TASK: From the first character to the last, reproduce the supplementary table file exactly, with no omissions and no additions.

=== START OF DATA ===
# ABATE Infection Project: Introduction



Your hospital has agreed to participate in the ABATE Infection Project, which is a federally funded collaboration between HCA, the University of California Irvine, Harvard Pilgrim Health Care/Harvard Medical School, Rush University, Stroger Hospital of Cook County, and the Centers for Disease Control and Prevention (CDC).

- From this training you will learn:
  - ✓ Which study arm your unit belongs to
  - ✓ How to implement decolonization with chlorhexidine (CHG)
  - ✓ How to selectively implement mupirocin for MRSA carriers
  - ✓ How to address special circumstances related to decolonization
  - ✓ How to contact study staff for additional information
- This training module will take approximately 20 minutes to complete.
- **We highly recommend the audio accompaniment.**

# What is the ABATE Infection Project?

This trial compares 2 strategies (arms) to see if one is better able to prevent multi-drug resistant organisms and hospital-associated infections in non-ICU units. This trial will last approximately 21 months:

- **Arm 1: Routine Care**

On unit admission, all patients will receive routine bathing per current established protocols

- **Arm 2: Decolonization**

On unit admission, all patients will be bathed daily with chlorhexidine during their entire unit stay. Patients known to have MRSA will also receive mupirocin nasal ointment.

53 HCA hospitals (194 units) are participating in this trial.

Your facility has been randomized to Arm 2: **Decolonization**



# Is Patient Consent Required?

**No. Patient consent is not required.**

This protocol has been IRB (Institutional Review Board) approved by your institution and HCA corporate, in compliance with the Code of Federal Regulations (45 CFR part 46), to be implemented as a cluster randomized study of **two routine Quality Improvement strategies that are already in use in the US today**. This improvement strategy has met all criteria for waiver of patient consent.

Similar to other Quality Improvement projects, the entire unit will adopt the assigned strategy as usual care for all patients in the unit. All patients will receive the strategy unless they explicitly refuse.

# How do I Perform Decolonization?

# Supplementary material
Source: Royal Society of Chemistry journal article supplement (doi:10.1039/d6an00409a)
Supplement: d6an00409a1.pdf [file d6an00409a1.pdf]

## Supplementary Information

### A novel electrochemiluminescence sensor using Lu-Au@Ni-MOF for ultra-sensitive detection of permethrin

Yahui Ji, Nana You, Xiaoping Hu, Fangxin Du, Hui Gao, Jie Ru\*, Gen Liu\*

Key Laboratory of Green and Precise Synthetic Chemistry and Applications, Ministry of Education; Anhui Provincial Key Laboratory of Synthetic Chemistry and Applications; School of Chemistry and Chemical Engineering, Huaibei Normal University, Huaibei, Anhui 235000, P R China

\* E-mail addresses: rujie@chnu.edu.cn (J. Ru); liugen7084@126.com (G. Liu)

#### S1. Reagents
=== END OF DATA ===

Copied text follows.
# ABATE Infection Project: Introduction



Your hospital has agreed to participate in the ABATE Infection Project, which is a federally funded collaboration between HCA, the University of California Irvine, Harvard Pilgrim Health Care/Harvard Medical School, Rush University, Stroger Hospital of Cook County, and the Centers for Disease Control and Prevention (CDC).

- From this training you will learn:
  - ✓ Which study arm your unit belongs to
  - ✓ How to implement decolonization with chlorhexidine (CHG)
  - ✓ How to selectively implement mupirocin for MRSA carriers
  - ✓ How to address special circumstances related to decolonization
  - ✓ How to contact study staff for additional information
- This training module will take approximately 20 minutes to complete.
- **We highly recommend the audio accompaniment.**

# What is the ABATE Infection Project?

This trial compares 2 strategies (arms) to see if one is better able to prevent multi-drug resistant organisms and hospital-associated infections in non-ICU units. This trial will last approximately 21 months:

- **Arm 1: Routine Care**

On unit admission, all patients will receive routine bathing per current established protocols

- **Arm 2: Decolonization**

On unit admission, all patients will be bathed daily with chlorhexidine during their entire unit stay. Patients known to have MRSA will also receive mupirocin nasal ointment.

53 HCA hospitals (194 units) are participating in this trial.

Your facility has been randomized to Arm 2: **Decolonization**



# Is Patient Consent Required?

**No. Patient consent is not required.**

This protocol has been IRB (Institutional Review Board) approved by your institution and HCA corporate, in compliance with the Code of Federal Regulations (45 CFR part 46), to be implemented as a cluster randomized study of **two routine Quality Improvement strategies that are already in use in the US today**. This improvement strategy has met all criteria for waiver of patient consent.

Similar to other Quality Improvement projects, the entire unit will adopt the assigned strategy as usual care for all patients in the unit. All patients will receive the strategy unless they explicitly refuse.

# How do I Perform Decolonization?

# Supplementary material
Source: Royal Society of Chemistry journal article supplement (doi:10.1039/d6an00409a)
Supplement: d6an00409a1.pdf [file d6an00409a1.pdf]

## Supplementary Information

### A novel electrochemiluminescence sensor using Lu-Au@Ni-MOF for ultra-sensitive detection of permethrin

Yahui Ji, Nana You, Xiaoping Hu, Fangxin Du, Hui Gao, Jie Ru\*, Gen Liu\*

Key Laboratory of Green and Precise Synthetic Chemistry and Applications, Ministry of Education; Anhui Provincial Key Laboratory of Synthetic Chemistry and Applications; School of Chemistry and Chemical Engineering, Huaibei Normal University, Huaibei, Anhui 235000, P R China

\* E-mail addresses: rujie@chnu.edu.cn (J. Ru); liugen7084@126.com (G. Liu)

#### S1. Reagents